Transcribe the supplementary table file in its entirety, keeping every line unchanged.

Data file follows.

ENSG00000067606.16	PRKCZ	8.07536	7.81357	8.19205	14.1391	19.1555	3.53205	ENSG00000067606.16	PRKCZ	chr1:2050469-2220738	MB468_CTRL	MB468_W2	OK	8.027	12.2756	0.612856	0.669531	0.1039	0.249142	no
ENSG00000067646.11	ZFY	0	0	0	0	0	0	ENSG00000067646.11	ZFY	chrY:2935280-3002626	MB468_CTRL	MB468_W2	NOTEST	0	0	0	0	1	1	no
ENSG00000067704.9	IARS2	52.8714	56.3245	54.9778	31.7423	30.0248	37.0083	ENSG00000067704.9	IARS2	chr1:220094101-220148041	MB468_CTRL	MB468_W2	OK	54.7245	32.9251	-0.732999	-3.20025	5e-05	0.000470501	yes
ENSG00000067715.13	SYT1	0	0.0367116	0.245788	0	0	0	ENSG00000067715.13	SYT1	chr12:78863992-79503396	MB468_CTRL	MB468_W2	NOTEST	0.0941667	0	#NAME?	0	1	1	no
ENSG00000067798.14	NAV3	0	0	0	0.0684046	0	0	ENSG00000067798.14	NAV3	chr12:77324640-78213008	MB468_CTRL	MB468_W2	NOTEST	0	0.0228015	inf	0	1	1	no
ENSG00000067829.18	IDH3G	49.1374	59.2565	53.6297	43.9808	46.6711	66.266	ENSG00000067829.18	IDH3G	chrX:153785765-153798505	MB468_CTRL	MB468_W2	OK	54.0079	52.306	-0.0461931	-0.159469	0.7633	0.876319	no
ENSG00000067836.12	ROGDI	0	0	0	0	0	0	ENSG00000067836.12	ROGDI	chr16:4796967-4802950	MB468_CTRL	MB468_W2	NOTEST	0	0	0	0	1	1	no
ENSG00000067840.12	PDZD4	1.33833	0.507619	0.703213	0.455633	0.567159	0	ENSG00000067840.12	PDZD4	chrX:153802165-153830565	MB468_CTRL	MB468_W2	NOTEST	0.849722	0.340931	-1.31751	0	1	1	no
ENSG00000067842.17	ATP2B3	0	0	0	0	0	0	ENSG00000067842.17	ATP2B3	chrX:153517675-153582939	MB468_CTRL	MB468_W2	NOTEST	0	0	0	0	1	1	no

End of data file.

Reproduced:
ENSG00000067606.16	PRKCZ	8.07536	7.81357	8.19205	14.1391	19.1555	3.53205	ENSG00000067606.16	PRKCZ	chr1:2050469-2220738	MB468_CTRL	MB468_W2	OK	8.027	12.2756	0.612856	0.669531	0.1039	0.249142	no
ENSG00000067646.11	ZFY	0	0	0	0	0	0	ENSG00000067646.11	ZFY	chrY:2935280-3002626	MB468_CTRL	MB468_W2	NOTEST	0	0	0	0	1	1	no
ENSG00000067704.9	IARS2	52.8714	56.3245	54.9778	31.7423	30.0248	37.0083	ENSG00000067704.9	IARS2	chr1:220094101-220148041	MB468_CTRL	MB468_W2	OK	54.7245	32.9251	-0.732999	-3.20025	5e-05	0.000470501	yes
ENSG00000067715.13	SYT1	0	0.0367116	0.245788	0	0	0	ENSG00000067715.13	SYT1	chr12:78863992-79503396	MB468_CTRL	MB468_W2	NOTEST	0.0941667	0	#NAME?	0	1	1	no
ENSG00000067798.14	NAV3	0	0	0	0.0684046	0	0	ENSG00000067798.14	NAV3	chr12:77324640-78213008	MB468_CTRL	MB468_W2	NOTEST	0	0.0228015	inf	0	1	1	no
ENSG00000067829.18	IDH3G	49.1374	59.2565	53.6297	43.9808	46.6711	66.266	ENSG00000067829.18	IDH3G	chrX:153785765-153798505	MB468_CTRL	MB468_W2	OK	54.0079	52.306	-0.0461931	-0.159469	0.7633	0.876319	no
ENSG00000067836.12	ROGDI	0	0	0	0	0	0	ENSG00000067836.12	ROGDI	chr16:4796967-4802950	MB468_CTRL	MB468_W2	NOTEST	0	0	0	0	1	1	no
ENSG00000067840.12	PDZD4	1.33833	0.507619	0.703213	0.455633	0.567159	0	ENSG00000067840.12	PDZD4	chrX:153802165-153830565	MB468_CTRL	MB468_W2	NOTEST	0.849722	0.340931	-1.31751	0	1	1	no
ENSG00000067842.17	ATP2B3	0	0	0	0	0	0	ENSG00000067842.17	ATP2B3	chrX:153517675-153582939	MB468_CTRL	MB468_W2	NOTEST	0	0	0	0	1	1	no